Since 2007, macroprudential policymakers have grappled with a broad set of vulnerabilities. While regulators cannot be sure what risks the next decade will feature, they can be sure that the set of issues will continuously evolve. In this post, we explore threetimely challenges that financial stability policymakers are likely to face in the coming years, including risks associated with: non-bank financial intermediation, cryptoassets and decentralised finance (DeFi), and climate change. These challenges have been noted by many, and are already stimulating development of macroprudential frameworks. But while some of this development can build on well-grounded principles for financial stability policy, other aspects are likely to come up against threetimeless challenges, requiring novel and innovative thinking to overcome.
Stephen Millard, Margarita Rubio and Alexandra Varadi
The 2008 global financial crisis showed the need for effective macroprudential policy. But what tools should macroprudential policy makers use and how effective are they? We examined these questions in in a recent staff working paper. We introduced different macroprudential tools into a dynamic stochastic general equilibrium (DSGE) model of the UK economy and compared their impact on the economy and household welfare, as well as their interaction with each other and with monetary policy. We found that capital requirements reduce the effects of financial shocks. Instead, a limit on how much of borrowers’ income is spent on mortgage interest payments reduces the volatility of lending, output and inflation resulting from housing market shocks.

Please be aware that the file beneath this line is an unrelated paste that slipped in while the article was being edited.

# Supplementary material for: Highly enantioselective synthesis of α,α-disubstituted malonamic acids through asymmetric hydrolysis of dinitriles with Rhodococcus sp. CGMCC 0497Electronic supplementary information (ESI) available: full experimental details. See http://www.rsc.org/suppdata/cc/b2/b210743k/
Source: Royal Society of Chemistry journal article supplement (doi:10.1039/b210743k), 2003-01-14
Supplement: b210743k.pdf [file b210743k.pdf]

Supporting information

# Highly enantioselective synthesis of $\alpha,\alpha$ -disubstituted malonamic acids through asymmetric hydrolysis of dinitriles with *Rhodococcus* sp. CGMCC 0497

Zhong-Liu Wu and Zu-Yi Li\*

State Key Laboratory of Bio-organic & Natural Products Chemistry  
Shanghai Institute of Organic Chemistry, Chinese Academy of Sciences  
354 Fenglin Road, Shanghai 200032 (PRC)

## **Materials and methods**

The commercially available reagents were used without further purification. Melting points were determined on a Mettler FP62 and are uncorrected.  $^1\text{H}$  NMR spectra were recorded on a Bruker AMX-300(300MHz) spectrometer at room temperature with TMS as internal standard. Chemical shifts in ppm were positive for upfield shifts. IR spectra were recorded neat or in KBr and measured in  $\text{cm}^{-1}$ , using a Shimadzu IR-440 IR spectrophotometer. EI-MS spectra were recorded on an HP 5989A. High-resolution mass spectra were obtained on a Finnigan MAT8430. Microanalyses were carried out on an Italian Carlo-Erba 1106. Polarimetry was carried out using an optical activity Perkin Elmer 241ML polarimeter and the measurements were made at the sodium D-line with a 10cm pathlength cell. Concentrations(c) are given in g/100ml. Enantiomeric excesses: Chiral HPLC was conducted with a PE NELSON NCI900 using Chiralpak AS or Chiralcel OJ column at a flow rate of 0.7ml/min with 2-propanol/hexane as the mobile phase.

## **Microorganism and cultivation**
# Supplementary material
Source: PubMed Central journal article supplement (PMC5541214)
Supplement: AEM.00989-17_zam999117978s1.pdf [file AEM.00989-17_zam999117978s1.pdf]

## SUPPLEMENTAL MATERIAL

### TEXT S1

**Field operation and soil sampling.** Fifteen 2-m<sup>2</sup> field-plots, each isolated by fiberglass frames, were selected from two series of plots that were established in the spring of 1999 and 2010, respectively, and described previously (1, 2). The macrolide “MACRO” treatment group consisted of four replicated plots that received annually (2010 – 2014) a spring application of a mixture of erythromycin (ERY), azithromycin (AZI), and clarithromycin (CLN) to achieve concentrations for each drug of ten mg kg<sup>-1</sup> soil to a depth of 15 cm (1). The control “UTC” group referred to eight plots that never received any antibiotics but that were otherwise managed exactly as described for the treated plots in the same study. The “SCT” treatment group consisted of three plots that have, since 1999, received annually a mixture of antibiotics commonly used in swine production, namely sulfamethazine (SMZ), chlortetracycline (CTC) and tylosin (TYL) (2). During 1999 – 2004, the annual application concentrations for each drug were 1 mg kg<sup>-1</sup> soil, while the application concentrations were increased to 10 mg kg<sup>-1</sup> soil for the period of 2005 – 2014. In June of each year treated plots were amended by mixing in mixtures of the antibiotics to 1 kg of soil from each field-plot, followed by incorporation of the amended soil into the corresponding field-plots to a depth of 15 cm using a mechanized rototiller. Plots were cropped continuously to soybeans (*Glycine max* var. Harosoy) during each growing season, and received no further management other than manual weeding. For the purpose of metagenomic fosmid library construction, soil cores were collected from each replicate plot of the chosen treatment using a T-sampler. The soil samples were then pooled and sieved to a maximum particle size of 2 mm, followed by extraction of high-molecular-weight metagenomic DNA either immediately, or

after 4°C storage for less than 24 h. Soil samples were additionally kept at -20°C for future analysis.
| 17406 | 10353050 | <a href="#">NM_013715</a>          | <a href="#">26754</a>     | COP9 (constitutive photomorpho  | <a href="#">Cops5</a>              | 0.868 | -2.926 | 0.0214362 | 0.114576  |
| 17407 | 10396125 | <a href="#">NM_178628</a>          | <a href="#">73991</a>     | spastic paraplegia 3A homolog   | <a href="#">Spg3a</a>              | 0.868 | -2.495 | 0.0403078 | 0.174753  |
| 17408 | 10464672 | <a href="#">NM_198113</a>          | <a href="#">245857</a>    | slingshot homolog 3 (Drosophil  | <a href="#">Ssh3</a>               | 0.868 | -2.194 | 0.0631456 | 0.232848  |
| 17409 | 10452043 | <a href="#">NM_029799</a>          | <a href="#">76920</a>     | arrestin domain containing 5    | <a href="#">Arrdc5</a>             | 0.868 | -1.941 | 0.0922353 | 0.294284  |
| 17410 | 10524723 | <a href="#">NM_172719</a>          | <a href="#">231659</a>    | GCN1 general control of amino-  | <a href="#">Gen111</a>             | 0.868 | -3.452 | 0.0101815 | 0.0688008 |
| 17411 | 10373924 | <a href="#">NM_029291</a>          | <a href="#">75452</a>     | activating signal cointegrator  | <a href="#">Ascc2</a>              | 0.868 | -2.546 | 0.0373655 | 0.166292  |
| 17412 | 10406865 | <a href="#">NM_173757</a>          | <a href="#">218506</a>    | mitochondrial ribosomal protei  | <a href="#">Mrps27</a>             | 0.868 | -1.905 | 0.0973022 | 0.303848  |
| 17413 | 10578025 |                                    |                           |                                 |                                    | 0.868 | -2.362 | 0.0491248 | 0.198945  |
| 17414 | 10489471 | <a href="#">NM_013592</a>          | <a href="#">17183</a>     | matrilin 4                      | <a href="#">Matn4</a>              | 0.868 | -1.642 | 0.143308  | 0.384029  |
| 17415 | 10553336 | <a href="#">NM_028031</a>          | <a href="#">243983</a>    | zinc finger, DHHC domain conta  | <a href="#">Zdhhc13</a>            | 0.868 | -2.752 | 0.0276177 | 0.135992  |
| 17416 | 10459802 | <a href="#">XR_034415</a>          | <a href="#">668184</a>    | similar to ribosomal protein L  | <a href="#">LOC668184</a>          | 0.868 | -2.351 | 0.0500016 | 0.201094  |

Central banks don’t just care about what is expected to happen. They also care about what could happen if things turn out worse than expected. In line with this, an emerging literature has developed models for measuring and predicting overall levels of macroeconomic risk. This body of work has focused on estimating the level of ‘tail risk‘ in a country by monitoring a range of domestic developments. But this misses a key part of the picture. In a recent Staff Working Paper, we show that monitoring developments abroad is as important as monitoring developments at home when assessing the vulnerability of the economy to a severe downturn.
Have post-crisis reforms of banking regulation made banks and lending more resilient to the shock from Covid-19 and if so by how much? This blog takes one specific example – countercyclical capital buffers (CCyBs) – and shows that policy makers in a range of countries were able to quickly release these capital requirements, enabling banks to use the cumulated buffers. This released capital may in turn potentially help banks to support lending. And it will likely benefit lending in the country releasing requirements on buffers as well as banks’ lending to other countries, leading to potential positive international spillovers (see e.g. discussion of spillovers due to macroprudential policies by the ECB and others).
Today’s financial system is global: credit and several financial asset classes show booms and busts across countries, sometimes with severe repercussions to the global economy. Yet it is debated to what extent common dynamics rather than domestic cycles lie behind financial fluctuations and whether the impact of global drivers is growing. In a recent Staff Working Paper, we observe various global financial cycles going as far back as the 19th century. We find that a volatile global equity price cycle is nowadays the main driver of stock prices across advanced economies. Global cycles in credit and house prices have become larger and longer over the last 30 years, having gained relevance in economies that are more financially open and developed.